Search the Scriptures: No longer strangers

Jonathan McAnulty - Search the Scriptures



In the modern vernacular, the word, “strange,” has come to be synonymous with “weird and unusual,” but it is worth noting that originally it meant, “foreign and unknown.” Relatedly, the word, “stranger,” meaning “someone who we have not yet met,” originally meant, most specifically, a foreigner, or someone from elsewhere.

This is useful to understand when we come across the word, “stranger,” in the Bible, for the word is very likely being used in accordance with its original definition. For example, when Moses names his son Gershom, saying, “I have been a stranger in a strange land (Exodus 2:22; KJV),” he is literally meaning he was a foreigner, or sojourner, in a foreign land.

The Bible, in both the Old and New Testaments is very clear about the need to care for the stranger amongst us.

God commanded the Israelites, “You shall treat the stranger who sojourns with you as the native among you, and you shall love him as yourself, for you were strangers in the land of Egypt: I am the Lord your God (Leviticus 19:34; ESV).”

Jesus warned that in the judgment when the righteous and the unrighteous were parted left and right, like sheep and goats, that the righteous would be told, “Come, you who are blessed by my Father, inherit the kingdom prepared for you from the foundation of the world. For I was hungry and you gave me food, I was thirsty and you gave me drink, I was a stranger and you welcomed me… (Matthew 25:34-35; ESV).” Meanwhile the unrighteous would hear, “Depart from me, you cursed, into the eternal fire prepared for the devil and his angels. For… I was a stranger and you did not welcome me… (Matthew 25:41, 43; ESV).”

This expectation of caring for strangers is central to God’s message to man, in part because it mirrors the love that God has for us. Notice that the Israelites, in connection to caring for strangers were reminded that they themselves were once foreigners and aliens in the Land of Egypt. It was God, in His love and mercy. who took them by the hand and led them to a land of their own, giving them citizenship.God’s care for the Israelites was a foreshadowing of the salvation He was bringing to us through Christ.

Paul reminded the Ephesian Christians of their status before Christ: “Therefore remember that at one time you Gentiles in the flesh, called “the uncircumcision” by what is called the circumcision, which is made in the flesh by hands— remember that you were at that time separated from Christ, alienated from the commonwealth of Israel and strangers to the covenants of promise, having no hope and without God in the world (Ephesians 2:11-12; ESV).”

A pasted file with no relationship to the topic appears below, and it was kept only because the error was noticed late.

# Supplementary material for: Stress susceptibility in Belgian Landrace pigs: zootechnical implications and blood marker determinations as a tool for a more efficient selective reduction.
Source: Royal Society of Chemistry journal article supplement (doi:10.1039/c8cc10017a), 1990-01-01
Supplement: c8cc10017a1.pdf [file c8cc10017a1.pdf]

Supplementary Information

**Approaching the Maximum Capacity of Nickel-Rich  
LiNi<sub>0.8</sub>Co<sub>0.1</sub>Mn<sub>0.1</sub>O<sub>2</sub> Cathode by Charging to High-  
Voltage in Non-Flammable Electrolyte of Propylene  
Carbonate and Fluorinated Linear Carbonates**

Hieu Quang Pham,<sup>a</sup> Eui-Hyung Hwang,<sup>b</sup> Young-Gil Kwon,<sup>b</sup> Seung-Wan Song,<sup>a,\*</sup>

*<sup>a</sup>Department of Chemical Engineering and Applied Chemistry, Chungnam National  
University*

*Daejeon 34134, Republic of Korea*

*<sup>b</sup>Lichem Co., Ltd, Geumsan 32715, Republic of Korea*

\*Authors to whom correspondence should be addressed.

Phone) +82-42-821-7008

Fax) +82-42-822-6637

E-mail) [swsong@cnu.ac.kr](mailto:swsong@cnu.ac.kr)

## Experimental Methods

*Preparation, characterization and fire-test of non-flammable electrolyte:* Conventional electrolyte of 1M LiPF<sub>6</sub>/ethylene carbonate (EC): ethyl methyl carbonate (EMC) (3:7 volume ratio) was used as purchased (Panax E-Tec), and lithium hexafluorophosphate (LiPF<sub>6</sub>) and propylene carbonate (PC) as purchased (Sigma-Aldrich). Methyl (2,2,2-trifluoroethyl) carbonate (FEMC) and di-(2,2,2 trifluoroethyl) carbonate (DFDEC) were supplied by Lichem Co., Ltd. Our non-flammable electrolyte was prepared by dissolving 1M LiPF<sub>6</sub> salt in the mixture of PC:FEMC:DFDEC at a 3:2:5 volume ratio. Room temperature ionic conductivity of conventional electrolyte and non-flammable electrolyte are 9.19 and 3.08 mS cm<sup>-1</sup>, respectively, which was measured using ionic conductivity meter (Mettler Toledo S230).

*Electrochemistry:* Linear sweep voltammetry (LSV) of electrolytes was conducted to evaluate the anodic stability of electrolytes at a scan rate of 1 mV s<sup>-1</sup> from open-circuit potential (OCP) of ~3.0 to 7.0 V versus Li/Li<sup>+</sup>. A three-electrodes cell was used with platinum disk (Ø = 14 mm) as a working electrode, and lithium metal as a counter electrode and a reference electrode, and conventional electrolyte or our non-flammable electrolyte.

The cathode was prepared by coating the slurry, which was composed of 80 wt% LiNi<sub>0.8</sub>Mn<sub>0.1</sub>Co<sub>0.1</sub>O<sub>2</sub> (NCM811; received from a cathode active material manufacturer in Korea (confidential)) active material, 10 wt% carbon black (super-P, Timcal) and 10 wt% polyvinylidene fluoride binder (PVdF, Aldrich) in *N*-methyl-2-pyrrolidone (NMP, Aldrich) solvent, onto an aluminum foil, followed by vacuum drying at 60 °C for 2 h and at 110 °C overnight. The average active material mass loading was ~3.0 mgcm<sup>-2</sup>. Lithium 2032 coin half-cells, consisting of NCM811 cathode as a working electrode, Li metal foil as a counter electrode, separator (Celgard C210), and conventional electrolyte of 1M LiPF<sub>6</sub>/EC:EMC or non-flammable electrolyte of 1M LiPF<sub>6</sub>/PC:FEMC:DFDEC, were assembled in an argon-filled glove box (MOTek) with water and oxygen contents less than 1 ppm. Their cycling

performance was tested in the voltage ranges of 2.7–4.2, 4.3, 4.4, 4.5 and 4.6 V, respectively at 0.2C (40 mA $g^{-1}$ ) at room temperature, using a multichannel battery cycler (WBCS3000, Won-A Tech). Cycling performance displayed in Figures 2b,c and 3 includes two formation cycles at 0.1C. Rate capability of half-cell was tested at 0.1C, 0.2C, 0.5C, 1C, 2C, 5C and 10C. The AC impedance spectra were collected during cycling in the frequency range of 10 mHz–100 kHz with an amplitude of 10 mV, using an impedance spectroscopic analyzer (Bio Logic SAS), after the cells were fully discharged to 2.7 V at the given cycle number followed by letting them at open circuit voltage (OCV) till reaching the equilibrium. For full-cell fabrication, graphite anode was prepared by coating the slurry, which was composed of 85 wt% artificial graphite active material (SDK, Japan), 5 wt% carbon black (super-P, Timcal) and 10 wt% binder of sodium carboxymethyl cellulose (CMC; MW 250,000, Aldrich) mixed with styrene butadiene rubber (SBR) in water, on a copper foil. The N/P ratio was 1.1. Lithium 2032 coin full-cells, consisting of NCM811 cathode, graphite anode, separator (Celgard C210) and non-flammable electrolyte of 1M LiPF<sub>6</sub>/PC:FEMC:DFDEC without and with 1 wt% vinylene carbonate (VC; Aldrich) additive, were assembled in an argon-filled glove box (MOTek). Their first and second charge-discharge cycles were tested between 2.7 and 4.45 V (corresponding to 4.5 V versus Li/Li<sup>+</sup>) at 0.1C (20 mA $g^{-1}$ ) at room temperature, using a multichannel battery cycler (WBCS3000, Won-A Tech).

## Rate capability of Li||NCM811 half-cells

The word “stranger,” used by Paul to describe the relationship of the Ephesians to the covenant, is the Greek, “Xenos,” and is the same word used by Jesus in His lesson concerning the judgment, and it most literally means a foreigner or alien. From God’s perspective, before our response to the Gospel of Christ, we were strangers, or foreigners, especially in regards to His law and His kingdom. But the good news is that in Christ, the situation has changed.

“But now in Christ Jesus you who once were far off have been brought near by the blood of Christ (Ephesians 2:13).” And, “So then you are no longer strangers and aliens, but you are fellow citizens with the saints and members of the household of God (Ephesians 2:19; ESV).”

Not only did God take us when we were complete strangers, foreigners even, and allow us citizenship in the kingdom of His beloved Son (cf. Colossians 1:13), but He went a step further and adopted us into His own family (cf. Romans 8:12-17). What love God has shown that we can say, in Christ we are no longer strangers!

This is therefore one reason why the Christian should care for the orphan, the alien and the stranger, showing love even to those we do not know and with whom we may not yet have much in common: in doing so we are doing nothing more than what God has already done for us (cf. 1 John 4:11).


Jonathan McAnulty

Search the Scriptures

Jonathan McAnulty is minister of Chapel Hill Church of Christ. Viewpoints expressed in the article are the work of the author.

Jonathan McAnulty is minister of Chapel Hill Church of Christ. Viewpoints expressed in the article are the work of the author.